Minimum wage increase lacks merit
If Nevadans support a $1 higher minimum wage on the ballot in November, don’t expect to be seeing a raise anytime soon. It’ll be 2007 by the time it takes effect, a decade after the federal minimum wage was set at $5.15.
We see the arguments both for and against raising the minimum wage, which is Question 6 on the ballot, but we’re unconvinced Nevada needs one.
Frankly, the marketplace in this state has long since left the federal minimum wage in the dust. And it surely will leave a $6.15 wage long gone by 2007 – barring a catastrophe or recession or other economic crisis.
And that is the point with wages. They’re a function of the marketplace, with little reason for government to interfere.
One curious argument in favor of raising the minimum wage says people making $5.15 an hour would actually get more money if they were on welfare. This is hardly a convincing case for the role of government in redistributing wealth.
Most of the arguments center on whether raising the minimum wage will “lift all boats,” pushing $7 an hour jobs to $8, and $8 jobs to $9. Or will it mean employers must cut back on the number of people they employ in order to give few workers a small raise?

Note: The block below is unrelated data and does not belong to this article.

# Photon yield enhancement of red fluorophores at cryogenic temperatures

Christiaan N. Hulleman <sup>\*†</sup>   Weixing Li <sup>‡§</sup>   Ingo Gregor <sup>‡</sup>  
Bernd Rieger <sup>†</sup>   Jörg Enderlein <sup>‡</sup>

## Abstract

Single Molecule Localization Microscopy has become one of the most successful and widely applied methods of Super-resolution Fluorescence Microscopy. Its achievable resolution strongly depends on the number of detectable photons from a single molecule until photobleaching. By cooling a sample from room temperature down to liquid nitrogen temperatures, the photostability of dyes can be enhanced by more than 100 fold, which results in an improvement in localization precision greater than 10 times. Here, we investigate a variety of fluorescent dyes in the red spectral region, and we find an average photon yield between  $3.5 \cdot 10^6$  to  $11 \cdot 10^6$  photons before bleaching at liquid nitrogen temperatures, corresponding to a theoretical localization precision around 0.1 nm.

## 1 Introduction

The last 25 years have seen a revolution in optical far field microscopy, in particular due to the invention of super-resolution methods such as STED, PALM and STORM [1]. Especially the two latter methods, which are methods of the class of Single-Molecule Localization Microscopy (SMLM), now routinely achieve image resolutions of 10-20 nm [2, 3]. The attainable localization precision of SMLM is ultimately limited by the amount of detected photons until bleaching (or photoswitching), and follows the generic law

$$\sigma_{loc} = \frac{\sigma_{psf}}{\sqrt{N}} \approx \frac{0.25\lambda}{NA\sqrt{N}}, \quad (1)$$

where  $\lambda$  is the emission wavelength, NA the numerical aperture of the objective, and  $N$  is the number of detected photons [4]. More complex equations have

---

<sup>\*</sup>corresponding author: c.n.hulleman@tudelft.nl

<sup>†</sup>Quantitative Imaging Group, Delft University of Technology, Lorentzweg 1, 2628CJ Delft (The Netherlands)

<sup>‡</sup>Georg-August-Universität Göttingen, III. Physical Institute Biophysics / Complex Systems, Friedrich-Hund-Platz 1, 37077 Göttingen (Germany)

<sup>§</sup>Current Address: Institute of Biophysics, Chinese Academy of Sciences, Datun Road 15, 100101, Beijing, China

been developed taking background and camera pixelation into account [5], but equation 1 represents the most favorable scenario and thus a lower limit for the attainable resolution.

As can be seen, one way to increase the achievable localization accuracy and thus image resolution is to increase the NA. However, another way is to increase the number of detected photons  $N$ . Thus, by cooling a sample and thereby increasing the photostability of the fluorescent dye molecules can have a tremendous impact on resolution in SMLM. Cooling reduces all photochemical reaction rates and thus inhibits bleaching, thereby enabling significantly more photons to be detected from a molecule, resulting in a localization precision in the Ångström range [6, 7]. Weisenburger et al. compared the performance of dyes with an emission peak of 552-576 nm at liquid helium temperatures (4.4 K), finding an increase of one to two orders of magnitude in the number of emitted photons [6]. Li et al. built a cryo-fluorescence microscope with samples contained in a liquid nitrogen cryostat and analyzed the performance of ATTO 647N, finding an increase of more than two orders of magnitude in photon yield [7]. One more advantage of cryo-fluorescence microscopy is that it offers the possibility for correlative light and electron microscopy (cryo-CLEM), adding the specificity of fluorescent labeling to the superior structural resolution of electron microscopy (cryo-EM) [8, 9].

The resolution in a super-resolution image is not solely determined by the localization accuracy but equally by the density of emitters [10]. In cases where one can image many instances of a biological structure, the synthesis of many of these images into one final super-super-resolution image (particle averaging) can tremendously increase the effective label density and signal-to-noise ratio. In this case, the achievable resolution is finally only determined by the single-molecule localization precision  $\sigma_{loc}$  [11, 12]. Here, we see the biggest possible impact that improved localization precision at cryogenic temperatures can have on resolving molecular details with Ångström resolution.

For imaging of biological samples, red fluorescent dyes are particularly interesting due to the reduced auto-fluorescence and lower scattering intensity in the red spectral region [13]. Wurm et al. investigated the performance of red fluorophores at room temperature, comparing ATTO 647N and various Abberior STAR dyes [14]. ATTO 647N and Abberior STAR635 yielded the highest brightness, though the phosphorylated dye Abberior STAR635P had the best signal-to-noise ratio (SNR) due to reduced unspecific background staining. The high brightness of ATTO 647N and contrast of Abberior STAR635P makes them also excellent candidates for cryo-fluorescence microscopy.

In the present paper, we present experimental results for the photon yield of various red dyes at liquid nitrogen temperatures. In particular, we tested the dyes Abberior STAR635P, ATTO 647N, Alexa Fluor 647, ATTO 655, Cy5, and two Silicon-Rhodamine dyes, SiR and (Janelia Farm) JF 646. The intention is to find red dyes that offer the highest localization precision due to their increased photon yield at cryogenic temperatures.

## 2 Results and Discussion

The truth is that everybody would like to have a raise, but few people or businesses in Nevada will be directly affected by an increase. The rest is largely speculation. Is there some compelling reason Nevada’s minimum wage should be $1 higher than the federal minimum?
We agree that $10,712 in annual compensation – the salary of a full-time minimum-wage worker – is less than subsistence. But low-paying jobs are entry-level positions, where the worker earns not just a wage but an opportunity to learn skills and advance on merit.
Ordering a $1 raise in Nevada seems to be more arbitrary than meritorious.